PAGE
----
By now a crowd had gathered on the pier. Mae Beth and Sonny were among it. I turned and paddled farther out, scanning the horizon.
“Come on, Billy-Boy,” Tim called after me.
But I continued to paddle until I saw it—a giant wave. It had to be pushing eight feet. I raced to meet it, struggling against the current.
By the time I got into position, I must have been thirty or forty yards beyond the end of the pier.
The massive swell peaked just as I swiveled my board around to meet it, and I took off like a cannonball. I thundered down the face of the wave, deep into the trough. Then, I leaned back and shot up to the top of the break. I could have exited over the top, but I didn’t.
Instead, I shifted my weight, crouched as low as I could, and pushed off the lip until I shot back down the wave at lightning speed. Spray blinded me, but I kept driving down the face of the wave just ahead of the break, which I could hear crashing behind me.
I corkscrewed up and down, trying to stay ahead of the crushing sound of the break behind me. That’s when I saw it—something dark and menacing, moving stealthily in the water ahead of me.
Shark! I thought.
I forced myself to stay calm, remembering what Sonny had told me about the chance of getting bit by a shark. So, instead of bailing out, and heading to shore, I cut back up to the top of the wave, then drove back down, hoping to out race the shark. But the darkness in the water stayed just ahead of me no matter what I did.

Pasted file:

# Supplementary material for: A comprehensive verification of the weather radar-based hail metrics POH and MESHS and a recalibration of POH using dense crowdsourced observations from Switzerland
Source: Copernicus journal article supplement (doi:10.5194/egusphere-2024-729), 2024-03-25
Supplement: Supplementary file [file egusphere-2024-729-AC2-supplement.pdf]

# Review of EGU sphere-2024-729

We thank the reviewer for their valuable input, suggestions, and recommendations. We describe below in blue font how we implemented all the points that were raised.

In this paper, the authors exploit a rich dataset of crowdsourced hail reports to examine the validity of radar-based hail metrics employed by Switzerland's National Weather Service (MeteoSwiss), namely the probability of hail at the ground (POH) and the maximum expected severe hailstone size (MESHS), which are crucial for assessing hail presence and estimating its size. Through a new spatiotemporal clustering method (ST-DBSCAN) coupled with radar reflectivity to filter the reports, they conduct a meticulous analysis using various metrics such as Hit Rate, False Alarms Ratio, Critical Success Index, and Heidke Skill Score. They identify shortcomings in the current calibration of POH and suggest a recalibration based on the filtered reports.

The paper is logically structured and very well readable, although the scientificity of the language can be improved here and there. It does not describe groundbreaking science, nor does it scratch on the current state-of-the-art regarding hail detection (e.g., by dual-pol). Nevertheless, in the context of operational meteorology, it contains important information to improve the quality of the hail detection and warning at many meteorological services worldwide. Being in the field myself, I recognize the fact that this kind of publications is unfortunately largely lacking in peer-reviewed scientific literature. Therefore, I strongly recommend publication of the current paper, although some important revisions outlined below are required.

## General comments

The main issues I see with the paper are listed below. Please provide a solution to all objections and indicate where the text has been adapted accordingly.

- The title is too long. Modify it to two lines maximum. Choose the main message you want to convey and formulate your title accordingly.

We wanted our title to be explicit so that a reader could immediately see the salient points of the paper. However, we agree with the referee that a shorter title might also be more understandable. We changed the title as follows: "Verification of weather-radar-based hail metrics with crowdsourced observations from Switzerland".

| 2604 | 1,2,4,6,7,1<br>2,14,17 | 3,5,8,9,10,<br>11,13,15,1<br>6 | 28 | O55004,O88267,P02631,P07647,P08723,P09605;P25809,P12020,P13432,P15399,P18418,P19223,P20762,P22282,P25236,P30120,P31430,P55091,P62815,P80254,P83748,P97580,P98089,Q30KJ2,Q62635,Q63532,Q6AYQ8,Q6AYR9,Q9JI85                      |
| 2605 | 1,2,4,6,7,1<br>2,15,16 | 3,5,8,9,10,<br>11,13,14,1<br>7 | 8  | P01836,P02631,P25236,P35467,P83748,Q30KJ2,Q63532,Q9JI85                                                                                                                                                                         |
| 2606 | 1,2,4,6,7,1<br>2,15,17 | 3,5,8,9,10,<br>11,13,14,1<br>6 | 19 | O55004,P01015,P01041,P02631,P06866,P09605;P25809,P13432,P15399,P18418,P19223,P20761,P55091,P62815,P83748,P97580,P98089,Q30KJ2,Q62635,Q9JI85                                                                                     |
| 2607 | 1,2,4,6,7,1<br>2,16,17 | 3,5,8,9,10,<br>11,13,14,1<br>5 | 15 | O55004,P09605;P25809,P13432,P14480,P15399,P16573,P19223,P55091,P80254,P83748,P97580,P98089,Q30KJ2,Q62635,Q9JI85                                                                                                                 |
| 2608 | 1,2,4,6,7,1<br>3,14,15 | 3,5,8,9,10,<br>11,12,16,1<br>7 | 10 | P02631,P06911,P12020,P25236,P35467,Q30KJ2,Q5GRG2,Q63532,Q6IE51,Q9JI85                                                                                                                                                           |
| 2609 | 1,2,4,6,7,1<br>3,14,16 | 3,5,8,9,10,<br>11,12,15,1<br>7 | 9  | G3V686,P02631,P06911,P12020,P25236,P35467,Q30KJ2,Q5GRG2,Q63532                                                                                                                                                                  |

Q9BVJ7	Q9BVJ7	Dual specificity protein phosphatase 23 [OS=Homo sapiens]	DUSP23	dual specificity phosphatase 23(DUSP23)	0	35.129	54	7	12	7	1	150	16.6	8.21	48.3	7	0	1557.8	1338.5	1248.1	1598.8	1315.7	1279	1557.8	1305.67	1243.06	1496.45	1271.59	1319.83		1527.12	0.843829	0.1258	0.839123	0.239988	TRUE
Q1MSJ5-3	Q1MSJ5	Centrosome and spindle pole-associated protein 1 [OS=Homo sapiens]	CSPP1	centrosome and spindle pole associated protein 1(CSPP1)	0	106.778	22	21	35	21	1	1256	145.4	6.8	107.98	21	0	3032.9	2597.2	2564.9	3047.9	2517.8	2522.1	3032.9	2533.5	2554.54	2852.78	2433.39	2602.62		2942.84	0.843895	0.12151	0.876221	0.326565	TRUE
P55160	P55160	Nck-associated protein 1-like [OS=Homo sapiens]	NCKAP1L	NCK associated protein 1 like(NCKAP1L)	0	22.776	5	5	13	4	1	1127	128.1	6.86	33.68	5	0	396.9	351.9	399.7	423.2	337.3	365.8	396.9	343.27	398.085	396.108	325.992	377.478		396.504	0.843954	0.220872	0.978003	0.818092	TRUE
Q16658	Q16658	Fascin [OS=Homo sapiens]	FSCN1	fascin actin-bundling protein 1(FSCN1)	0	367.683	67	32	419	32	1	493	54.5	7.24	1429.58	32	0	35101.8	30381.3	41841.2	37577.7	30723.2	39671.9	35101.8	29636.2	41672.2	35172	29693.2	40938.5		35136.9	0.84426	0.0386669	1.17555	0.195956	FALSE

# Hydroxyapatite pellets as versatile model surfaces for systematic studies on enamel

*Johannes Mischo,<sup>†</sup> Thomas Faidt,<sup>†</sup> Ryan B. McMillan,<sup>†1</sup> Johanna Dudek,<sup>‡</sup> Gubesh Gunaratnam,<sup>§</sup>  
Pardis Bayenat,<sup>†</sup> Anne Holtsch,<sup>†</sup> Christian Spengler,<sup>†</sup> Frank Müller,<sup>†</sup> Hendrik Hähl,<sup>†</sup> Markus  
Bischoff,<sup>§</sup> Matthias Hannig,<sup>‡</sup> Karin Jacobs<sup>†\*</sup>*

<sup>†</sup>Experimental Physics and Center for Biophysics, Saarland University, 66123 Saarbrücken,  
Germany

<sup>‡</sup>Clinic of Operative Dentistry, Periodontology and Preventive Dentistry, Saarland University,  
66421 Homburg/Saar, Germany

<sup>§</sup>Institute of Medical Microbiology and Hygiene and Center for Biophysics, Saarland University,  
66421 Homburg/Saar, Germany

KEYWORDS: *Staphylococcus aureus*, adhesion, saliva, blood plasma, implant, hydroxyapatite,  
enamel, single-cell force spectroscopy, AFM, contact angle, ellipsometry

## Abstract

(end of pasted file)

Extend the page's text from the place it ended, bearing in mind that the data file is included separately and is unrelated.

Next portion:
The more I looked at it, though, the less the dark mass looked like it was in the water. More like it was on the surface of the water, like a ghost, an apparition, a reflection…
The pier! I thought, looking up.
Sure enough, the pier was dead ahead, not more than thirty feet away.
The crowd on the pier had grown, and now included some of the surfers who had come to shore, including Tim. He stood next to Mae Beth and
Sonny. They were all waving at me. Were they cheering me on or waving me off? I couldn’t tell.
All I could think about was the bridge incident—Watch out, Billy-Boy! Slow down, Billy-Boy! Duck, Billy-Boy!
Clumsily, I half dove, half slipped off my board before I reached the pier. When I surfaced I realized that my board was gone. Candy’s leash had snapped under the strain of the wave. I could see my board on the other side of the pier, drifting toward the rocks of an old retaining wall.
I took a deep breath and started to swim.